Why do we buy services?

If you’re an American service worker in 2011, then you need not only more time, skills, knowledge, tools, manpower, and desire than your competition, but also more of all these things than your prospective customer.



We buy services when we don’t have the…

Time.

It’s quicker to just pay someone else to do it. We could do it if we wanted to, but our time is more valuable. Or maybe we need to do something far away from our current location, and we don’t have time to travel there right now. Maybe we’d tackle it if we had a teleporter and time machine.

Skills.

We could do a half-ass job, but we just don’t have the skills to do it well. We could practice and get really awesome at it. Failure is the mother of success after all. But if we want it right now, then we have to pay someone to do it.

Knowledge.

We could learn all about something on our own, but it’s just easier and quicker to pay someone who already knows how. Maybe we’d tackle it if we could learn really quickly like Leeloo in The Fifth Element.

Tools.

We could do it, but we don’t have the tools. We could buy the tools, but we’ll never use them again. Even if we found a good deal on craigslist, it might be easier in the long run to just pay someone else to do it.

Manpower.

The job is too big for us, and we’re not physically able to handle it on our own. We need help. Maybe we’d tackle it if we could duplicate ourselves like Michael Keaton in Multiplicity.

Desire.

We have the time, skills, tools, and manpower, but we just don’t like to do it. It’s worth the money to have someone else deal with it.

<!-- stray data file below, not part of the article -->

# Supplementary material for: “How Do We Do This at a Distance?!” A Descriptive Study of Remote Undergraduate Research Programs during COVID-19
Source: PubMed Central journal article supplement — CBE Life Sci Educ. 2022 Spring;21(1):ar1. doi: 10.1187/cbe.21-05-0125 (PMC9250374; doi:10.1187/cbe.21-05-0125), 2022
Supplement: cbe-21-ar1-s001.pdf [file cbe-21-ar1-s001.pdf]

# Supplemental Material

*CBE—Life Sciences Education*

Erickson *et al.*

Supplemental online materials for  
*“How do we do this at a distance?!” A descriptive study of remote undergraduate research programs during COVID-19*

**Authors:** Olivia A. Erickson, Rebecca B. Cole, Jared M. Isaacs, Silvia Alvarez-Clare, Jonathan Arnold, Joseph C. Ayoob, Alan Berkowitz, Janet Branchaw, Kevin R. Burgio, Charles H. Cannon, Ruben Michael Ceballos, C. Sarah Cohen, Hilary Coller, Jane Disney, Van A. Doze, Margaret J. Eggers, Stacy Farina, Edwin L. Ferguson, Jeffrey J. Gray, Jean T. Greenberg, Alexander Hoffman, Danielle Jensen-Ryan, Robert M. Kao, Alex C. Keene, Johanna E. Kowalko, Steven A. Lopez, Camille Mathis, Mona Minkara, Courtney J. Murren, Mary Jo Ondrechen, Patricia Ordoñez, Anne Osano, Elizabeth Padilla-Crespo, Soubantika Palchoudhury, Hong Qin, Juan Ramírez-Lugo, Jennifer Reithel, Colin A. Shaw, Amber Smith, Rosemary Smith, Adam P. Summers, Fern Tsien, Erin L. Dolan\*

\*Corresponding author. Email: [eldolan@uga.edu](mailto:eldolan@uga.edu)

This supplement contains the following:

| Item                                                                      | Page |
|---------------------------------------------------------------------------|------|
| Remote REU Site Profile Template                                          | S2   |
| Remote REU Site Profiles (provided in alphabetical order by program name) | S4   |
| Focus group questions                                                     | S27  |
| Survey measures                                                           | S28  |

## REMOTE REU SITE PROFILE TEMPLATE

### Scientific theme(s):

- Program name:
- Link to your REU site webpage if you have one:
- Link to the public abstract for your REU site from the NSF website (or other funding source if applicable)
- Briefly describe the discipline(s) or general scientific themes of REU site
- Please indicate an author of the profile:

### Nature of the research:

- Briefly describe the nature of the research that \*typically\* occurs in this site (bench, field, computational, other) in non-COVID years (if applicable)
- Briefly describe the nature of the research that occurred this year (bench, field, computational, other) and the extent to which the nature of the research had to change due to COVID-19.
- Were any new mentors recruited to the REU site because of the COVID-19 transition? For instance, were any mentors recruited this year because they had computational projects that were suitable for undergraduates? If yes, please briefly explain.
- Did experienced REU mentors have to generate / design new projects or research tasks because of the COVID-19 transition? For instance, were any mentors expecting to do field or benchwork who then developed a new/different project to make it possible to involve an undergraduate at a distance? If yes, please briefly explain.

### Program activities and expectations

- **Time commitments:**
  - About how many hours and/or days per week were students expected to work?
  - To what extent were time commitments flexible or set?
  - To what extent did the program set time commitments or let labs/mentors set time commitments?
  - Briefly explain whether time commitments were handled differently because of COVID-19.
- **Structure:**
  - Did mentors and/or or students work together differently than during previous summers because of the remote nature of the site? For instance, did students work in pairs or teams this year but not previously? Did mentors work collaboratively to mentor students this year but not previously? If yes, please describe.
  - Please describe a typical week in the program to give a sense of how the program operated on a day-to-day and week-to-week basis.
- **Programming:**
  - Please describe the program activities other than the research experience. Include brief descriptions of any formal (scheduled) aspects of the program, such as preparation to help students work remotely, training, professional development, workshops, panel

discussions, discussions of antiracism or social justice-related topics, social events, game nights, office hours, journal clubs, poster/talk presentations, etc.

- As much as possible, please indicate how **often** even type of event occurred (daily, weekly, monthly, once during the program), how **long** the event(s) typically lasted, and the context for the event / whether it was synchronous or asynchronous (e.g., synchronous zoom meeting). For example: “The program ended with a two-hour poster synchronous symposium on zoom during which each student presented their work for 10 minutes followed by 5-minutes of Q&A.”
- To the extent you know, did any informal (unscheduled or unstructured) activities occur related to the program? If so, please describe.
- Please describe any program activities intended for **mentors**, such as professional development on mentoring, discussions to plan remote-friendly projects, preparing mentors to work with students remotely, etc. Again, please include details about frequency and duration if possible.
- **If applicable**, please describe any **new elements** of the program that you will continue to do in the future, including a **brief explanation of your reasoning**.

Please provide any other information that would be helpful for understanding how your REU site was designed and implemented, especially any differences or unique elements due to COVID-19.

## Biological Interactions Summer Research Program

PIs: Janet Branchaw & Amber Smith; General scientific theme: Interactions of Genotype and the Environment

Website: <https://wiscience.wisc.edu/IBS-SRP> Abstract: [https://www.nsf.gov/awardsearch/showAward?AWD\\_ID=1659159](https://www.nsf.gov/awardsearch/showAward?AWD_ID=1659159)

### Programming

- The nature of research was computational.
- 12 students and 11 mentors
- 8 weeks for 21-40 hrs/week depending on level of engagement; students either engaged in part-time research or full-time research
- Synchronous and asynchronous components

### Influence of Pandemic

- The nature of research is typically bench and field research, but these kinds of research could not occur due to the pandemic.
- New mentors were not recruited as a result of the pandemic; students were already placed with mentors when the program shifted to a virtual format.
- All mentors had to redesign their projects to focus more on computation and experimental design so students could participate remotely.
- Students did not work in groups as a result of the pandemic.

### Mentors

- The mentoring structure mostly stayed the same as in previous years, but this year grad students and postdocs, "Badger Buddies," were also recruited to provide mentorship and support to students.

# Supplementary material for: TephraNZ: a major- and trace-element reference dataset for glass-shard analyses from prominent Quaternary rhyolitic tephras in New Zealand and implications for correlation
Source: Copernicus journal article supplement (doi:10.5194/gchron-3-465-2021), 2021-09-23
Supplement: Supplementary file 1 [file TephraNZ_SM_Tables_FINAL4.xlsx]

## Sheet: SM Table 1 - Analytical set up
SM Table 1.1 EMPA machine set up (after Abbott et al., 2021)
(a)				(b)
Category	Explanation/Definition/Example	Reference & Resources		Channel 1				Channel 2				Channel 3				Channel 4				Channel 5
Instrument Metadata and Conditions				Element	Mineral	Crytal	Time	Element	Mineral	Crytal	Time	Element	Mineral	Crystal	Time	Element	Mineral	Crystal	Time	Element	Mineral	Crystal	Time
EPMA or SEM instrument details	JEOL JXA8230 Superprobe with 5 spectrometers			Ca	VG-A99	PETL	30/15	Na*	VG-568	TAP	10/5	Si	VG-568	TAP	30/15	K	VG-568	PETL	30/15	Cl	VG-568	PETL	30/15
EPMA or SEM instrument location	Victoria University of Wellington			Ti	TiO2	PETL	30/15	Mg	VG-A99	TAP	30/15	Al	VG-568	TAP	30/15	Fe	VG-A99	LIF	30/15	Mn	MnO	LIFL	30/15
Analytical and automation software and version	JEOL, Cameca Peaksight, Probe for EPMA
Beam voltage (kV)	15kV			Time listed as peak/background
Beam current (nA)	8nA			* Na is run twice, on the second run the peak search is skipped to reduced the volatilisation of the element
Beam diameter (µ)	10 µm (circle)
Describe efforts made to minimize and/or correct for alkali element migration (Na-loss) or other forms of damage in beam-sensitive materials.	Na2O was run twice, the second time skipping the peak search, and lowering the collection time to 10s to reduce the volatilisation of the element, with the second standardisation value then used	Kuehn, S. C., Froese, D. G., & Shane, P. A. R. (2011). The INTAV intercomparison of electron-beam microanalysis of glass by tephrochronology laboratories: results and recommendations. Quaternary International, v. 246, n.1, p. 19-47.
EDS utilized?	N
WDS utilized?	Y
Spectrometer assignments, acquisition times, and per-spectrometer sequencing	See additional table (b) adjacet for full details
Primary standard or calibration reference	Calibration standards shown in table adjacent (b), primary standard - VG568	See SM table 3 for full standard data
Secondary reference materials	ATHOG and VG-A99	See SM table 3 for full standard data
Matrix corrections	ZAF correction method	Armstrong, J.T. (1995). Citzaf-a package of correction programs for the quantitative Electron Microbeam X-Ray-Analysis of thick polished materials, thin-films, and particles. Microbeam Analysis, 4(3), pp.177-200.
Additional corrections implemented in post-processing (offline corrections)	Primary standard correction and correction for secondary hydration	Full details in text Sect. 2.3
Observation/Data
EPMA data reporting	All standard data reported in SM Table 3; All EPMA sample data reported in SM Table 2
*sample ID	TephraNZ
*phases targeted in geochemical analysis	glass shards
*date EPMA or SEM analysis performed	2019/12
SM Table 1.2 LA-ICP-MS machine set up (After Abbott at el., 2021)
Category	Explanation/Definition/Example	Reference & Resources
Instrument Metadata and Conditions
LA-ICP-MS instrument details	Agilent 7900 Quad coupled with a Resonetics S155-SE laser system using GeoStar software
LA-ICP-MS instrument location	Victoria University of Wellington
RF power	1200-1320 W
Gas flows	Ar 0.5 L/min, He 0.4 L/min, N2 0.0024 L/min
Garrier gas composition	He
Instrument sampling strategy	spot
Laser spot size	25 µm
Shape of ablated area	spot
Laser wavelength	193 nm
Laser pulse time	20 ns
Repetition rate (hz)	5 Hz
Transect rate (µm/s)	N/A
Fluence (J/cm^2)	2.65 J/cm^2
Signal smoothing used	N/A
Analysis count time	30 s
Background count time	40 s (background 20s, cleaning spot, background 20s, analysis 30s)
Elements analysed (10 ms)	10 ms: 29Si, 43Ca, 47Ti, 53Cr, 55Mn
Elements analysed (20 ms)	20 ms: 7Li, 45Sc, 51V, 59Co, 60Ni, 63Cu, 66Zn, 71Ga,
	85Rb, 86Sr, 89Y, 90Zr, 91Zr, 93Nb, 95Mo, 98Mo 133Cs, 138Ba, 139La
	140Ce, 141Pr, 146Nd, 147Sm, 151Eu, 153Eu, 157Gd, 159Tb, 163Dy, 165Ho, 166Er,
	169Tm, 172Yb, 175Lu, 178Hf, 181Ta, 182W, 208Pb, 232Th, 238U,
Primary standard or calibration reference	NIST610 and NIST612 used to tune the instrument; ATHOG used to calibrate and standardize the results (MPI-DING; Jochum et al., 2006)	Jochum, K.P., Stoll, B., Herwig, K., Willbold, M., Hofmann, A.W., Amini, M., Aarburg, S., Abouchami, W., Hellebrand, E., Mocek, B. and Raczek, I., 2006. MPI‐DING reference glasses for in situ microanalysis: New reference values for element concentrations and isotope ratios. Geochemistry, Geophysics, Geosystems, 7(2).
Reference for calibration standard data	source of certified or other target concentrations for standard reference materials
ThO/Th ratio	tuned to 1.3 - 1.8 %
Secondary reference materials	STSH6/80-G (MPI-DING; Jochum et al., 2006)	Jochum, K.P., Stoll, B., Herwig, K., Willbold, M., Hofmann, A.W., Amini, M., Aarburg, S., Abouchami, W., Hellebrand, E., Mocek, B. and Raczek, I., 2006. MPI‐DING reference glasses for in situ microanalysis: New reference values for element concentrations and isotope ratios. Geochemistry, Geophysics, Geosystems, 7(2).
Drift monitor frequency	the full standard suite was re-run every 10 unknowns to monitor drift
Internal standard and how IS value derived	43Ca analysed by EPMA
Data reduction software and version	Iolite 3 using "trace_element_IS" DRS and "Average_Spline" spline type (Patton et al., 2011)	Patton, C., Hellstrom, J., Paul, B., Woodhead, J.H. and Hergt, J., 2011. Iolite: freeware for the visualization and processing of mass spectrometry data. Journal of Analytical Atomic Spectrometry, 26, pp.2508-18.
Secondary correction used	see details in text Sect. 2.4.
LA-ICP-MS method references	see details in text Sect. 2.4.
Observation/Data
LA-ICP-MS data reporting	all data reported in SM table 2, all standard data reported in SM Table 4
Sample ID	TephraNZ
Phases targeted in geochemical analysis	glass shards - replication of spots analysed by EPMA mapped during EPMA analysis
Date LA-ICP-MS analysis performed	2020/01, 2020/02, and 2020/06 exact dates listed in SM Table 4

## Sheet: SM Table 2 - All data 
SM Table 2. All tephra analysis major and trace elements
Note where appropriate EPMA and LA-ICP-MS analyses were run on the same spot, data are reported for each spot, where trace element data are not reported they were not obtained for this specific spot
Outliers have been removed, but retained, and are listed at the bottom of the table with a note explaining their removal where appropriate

But what happens when consumers are (still) broke?

When the economy is in the pooper, consumers are hurting. They have more time than money, and they quickly learn about DIY.

When they were sitting pretty with a steady paycheck, they didn’t think twice about paying the lawn care service $100/ week to cut their lawns.

Now folks have been unemployed or underemployed for a year or two, and walking around the yard behind a mower for an hour isn’t quite worth $100. That’s grocery money, and folks gotta eat.

The Solution

Doctors, attorneys, accountants, bankers, educators, actors, airline pilots, and designers are all part of the service economy. And I won’t even mention exotic dancers.

Are you a service worker? If so, how are you staying competitive?

According to Thomas Friedman, we need to be special, specialized, anchored, or adaptable in order to keep our jobs. Otherwise, we’ll be outsourced, open sourced, offshored, or all three.

If you’re an American service worker in 2011, then you need not only more time, skills, knowledge, tools, manpower, and desire than your competition, but also more of all these things than your prospective customer.

In short, you have to be really freakin’ awesome.

About the Author:
http://thomasgapinski.com

Thomas is the ringleader at Motionbuzz.

Posted in ConsultingTagged ,